Filibustering (Nash, 1998)

Gary B. Nash et al., eds., The American People: Creating a Nation and a Society, 4th ed. (New York: Addison Wesley Longman, Inc., 1998), 484
The failure to acquire new territory from Mexico legally did not discourage expansionist Americans from pursuing illegal means. During the 1850s, Texans and Californians staged dozens of raids (called “filibusters”) into Mexico. The most daring adventurer of the era was William Walker, a 100-pound Tennessean with a zest for danger and power.  After migrating to southern California, Walker made plans to add slave lands to the country. In 1853, he invaded Lower California (the Baja Peninsula) with fewer than 300 men and declared himself president of the independent republic of Sonora. Although eventually arrested and tried in the United States, he was acquitted after eight minutes of deliberation.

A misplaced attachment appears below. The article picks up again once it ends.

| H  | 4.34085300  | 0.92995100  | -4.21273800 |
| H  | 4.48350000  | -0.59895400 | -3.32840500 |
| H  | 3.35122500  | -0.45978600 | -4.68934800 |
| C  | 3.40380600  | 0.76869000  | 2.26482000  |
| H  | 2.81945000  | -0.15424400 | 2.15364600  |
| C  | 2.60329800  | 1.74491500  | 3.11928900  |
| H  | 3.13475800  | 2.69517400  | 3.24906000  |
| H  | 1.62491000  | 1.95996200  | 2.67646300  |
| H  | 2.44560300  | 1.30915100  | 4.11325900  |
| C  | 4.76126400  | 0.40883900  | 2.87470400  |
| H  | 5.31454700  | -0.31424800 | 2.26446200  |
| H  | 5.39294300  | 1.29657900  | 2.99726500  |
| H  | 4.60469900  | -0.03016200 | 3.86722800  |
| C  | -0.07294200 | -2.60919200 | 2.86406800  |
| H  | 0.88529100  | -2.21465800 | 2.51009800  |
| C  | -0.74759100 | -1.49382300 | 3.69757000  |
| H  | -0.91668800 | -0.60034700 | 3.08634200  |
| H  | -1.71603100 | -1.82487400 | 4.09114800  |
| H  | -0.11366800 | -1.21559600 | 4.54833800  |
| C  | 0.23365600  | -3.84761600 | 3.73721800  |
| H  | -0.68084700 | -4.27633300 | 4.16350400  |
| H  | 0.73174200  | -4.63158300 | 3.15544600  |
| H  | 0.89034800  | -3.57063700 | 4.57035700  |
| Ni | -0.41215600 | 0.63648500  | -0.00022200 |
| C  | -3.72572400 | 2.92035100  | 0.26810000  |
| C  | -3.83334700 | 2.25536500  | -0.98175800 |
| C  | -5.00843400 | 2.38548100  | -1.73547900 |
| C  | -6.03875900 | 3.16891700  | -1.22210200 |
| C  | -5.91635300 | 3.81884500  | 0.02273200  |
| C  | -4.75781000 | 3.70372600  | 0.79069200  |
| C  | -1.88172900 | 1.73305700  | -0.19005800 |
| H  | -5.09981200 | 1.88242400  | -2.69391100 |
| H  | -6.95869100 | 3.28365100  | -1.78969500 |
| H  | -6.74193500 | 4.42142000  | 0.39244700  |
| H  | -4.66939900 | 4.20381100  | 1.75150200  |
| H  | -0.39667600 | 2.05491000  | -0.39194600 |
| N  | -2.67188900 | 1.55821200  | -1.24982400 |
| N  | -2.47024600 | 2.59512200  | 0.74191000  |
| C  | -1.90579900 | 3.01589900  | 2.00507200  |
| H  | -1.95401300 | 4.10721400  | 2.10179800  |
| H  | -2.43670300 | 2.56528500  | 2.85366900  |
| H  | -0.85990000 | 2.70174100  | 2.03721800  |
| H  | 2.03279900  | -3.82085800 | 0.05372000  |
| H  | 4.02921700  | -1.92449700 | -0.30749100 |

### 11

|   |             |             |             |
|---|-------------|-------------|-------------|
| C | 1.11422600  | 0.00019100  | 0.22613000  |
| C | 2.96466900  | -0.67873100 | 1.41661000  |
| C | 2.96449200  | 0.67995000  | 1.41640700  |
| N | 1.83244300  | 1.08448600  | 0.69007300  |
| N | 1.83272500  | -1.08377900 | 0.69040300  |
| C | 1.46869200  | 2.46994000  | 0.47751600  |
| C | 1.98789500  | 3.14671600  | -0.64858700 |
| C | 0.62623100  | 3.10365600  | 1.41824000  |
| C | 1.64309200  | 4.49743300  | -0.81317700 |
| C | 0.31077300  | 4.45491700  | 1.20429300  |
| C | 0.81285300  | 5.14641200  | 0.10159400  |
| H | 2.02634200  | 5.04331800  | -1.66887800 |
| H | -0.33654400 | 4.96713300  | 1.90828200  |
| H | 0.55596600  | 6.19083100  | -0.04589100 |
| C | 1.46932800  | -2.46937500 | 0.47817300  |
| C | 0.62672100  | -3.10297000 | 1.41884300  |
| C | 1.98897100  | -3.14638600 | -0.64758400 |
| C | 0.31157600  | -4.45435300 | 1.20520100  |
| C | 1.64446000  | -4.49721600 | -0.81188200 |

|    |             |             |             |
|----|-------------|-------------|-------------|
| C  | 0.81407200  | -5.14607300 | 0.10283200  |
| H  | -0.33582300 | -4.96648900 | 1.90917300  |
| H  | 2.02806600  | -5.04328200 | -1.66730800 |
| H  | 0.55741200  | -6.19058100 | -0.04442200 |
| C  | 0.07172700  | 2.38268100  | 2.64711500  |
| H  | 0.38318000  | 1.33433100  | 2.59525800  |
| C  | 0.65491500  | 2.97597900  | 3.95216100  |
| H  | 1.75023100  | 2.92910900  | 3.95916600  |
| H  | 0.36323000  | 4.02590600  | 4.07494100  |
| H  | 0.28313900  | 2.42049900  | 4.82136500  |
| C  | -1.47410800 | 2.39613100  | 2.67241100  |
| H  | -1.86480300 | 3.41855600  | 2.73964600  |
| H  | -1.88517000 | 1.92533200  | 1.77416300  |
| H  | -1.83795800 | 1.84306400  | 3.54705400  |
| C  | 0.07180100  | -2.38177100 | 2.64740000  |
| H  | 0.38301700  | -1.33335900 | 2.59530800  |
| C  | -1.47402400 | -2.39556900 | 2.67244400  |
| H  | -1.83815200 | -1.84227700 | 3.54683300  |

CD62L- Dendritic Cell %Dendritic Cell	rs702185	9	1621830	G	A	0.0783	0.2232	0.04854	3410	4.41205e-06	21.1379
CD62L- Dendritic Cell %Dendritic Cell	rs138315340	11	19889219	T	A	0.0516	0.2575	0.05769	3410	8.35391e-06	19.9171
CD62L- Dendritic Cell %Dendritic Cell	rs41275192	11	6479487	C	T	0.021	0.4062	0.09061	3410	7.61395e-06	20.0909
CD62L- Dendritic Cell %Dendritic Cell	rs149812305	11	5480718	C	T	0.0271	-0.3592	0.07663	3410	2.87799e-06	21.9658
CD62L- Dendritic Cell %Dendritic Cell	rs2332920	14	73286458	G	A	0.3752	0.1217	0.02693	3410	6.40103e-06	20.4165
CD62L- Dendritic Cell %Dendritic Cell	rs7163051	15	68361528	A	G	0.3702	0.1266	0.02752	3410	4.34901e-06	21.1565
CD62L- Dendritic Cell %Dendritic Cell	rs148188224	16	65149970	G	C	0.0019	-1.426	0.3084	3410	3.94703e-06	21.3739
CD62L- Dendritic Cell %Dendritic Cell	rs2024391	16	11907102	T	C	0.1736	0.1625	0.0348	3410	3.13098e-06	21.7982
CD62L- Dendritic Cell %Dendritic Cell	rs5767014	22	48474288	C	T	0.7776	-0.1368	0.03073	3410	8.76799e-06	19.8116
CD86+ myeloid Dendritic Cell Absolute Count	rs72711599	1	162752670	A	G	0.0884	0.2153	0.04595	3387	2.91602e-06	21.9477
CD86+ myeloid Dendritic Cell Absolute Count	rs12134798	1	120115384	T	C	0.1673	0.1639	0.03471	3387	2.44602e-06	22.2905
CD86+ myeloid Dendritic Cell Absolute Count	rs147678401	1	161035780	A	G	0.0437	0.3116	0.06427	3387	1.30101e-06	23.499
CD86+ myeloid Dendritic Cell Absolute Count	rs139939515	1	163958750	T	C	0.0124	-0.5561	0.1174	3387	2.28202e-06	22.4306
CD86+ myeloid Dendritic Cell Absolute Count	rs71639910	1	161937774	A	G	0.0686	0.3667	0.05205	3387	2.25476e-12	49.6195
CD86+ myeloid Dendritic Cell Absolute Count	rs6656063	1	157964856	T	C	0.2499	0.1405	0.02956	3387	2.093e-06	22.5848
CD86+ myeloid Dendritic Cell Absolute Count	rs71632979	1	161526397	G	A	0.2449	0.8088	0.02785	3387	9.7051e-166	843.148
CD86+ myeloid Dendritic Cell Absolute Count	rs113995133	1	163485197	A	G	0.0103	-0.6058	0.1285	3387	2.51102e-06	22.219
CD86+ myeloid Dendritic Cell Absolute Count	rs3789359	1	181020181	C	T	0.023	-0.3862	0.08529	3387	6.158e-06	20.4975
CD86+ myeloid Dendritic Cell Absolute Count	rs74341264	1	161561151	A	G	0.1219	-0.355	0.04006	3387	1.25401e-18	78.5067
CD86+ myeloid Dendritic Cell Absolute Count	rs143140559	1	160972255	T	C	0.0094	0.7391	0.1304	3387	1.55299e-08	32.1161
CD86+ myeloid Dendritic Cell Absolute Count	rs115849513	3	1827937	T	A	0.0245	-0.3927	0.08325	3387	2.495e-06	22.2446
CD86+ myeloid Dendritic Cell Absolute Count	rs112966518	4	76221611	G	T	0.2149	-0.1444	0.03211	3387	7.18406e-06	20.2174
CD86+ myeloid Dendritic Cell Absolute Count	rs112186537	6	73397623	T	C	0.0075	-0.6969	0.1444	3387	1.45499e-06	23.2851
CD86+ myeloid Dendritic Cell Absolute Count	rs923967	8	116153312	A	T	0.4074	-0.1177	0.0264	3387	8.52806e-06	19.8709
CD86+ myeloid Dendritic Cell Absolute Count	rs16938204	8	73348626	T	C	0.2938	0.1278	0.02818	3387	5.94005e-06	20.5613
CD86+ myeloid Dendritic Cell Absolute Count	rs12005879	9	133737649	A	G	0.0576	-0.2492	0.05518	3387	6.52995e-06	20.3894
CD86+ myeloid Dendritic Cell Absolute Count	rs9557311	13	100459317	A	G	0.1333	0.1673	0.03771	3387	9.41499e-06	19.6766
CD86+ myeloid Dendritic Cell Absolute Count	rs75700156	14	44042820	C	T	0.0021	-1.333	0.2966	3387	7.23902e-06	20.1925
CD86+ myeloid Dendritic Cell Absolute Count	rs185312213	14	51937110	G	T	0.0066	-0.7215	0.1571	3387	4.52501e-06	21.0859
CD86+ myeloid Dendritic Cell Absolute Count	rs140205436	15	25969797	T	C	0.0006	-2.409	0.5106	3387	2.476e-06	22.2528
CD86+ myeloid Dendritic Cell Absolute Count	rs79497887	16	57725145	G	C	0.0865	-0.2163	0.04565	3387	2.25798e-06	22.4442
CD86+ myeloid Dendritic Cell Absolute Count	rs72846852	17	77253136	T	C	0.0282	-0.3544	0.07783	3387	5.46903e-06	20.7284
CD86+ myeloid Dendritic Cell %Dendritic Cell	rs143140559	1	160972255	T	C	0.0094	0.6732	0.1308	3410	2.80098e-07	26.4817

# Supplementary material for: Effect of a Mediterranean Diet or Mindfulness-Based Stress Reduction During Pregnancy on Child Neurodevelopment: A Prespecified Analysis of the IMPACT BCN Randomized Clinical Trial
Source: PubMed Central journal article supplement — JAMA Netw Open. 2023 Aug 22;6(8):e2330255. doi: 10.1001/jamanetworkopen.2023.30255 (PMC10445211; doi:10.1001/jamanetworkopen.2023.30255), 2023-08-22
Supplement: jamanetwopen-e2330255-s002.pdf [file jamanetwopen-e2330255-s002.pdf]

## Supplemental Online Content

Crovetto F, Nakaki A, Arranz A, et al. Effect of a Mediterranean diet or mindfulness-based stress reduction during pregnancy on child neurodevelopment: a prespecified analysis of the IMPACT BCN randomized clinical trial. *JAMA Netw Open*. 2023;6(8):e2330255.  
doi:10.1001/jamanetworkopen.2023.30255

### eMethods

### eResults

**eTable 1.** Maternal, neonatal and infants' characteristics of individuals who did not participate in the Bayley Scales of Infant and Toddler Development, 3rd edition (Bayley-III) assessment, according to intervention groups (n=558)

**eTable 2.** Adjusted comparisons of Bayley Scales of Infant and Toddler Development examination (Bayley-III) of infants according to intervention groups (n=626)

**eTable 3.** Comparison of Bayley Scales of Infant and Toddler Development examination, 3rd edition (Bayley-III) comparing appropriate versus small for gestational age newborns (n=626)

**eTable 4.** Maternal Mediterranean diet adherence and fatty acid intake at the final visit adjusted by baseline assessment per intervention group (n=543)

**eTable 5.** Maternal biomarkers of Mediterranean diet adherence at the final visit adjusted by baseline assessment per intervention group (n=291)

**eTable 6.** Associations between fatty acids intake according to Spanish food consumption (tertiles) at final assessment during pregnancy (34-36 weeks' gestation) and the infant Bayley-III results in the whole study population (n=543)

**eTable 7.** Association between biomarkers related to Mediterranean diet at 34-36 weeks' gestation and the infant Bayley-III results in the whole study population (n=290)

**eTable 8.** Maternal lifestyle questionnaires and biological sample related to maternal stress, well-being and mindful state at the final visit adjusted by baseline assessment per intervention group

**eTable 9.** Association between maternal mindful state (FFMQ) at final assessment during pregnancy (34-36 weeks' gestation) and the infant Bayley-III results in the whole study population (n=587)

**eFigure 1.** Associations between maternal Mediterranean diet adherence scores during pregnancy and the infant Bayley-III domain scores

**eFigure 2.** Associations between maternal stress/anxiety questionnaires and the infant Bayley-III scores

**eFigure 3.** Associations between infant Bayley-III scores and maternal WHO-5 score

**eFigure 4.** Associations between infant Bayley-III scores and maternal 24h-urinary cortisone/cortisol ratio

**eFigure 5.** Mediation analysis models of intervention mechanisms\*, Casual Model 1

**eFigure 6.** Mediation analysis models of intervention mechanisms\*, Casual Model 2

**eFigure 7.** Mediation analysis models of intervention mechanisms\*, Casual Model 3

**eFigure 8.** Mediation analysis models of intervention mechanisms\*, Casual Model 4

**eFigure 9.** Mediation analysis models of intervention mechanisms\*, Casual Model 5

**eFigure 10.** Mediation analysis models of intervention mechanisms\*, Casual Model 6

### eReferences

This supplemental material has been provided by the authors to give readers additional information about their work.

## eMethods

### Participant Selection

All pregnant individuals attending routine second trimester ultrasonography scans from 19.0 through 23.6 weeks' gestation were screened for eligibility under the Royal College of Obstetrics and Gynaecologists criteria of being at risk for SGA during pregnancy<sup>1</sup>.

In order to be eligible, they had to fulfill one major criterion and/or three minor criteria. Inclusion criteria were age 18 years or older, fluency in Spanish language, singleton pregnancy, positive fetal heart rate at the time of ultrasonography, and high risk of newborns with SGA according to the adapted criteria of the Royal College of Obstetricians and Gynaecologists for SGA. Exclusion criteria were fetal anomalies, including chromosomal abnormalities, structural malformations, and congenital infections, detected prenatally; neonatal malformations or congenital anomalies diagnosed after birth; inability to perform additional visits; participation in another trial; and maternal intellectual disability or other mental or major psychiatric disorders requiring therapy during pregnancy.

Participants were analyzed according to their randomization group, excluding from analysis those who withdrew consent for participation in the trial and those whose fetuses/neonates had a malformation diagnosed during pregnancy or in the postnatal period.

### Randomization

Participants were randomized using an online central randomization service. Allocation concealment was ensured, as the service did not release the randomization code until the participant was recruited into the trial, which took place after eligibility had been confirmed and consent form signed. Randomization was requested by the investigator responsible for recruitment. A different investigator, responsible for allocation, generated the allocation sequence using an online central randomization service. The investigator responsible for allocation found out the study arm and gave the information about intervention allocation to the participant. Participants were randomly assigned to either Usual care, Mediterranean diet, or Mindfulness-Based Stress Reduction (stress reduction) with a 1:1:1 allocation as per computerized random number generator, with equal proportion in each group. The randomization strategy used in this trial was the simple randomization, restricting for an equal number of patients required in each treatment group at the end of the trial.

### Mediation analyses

Back Walker went, invading Nicaragua two years later. He overthrew the government, proclaimed himself to have been elected dictator, and issued a decree legalizing slavery. When the Nicaraguans, with British help, acted to regain control of their country, the U.S. Navy rescued Walker. After a triumphant tour in the South, he tried twice more to conquer Nicaragua. Walker came to a fitting end in 1960 when he was captured and shot by a Honduran firing squad after invading that country.
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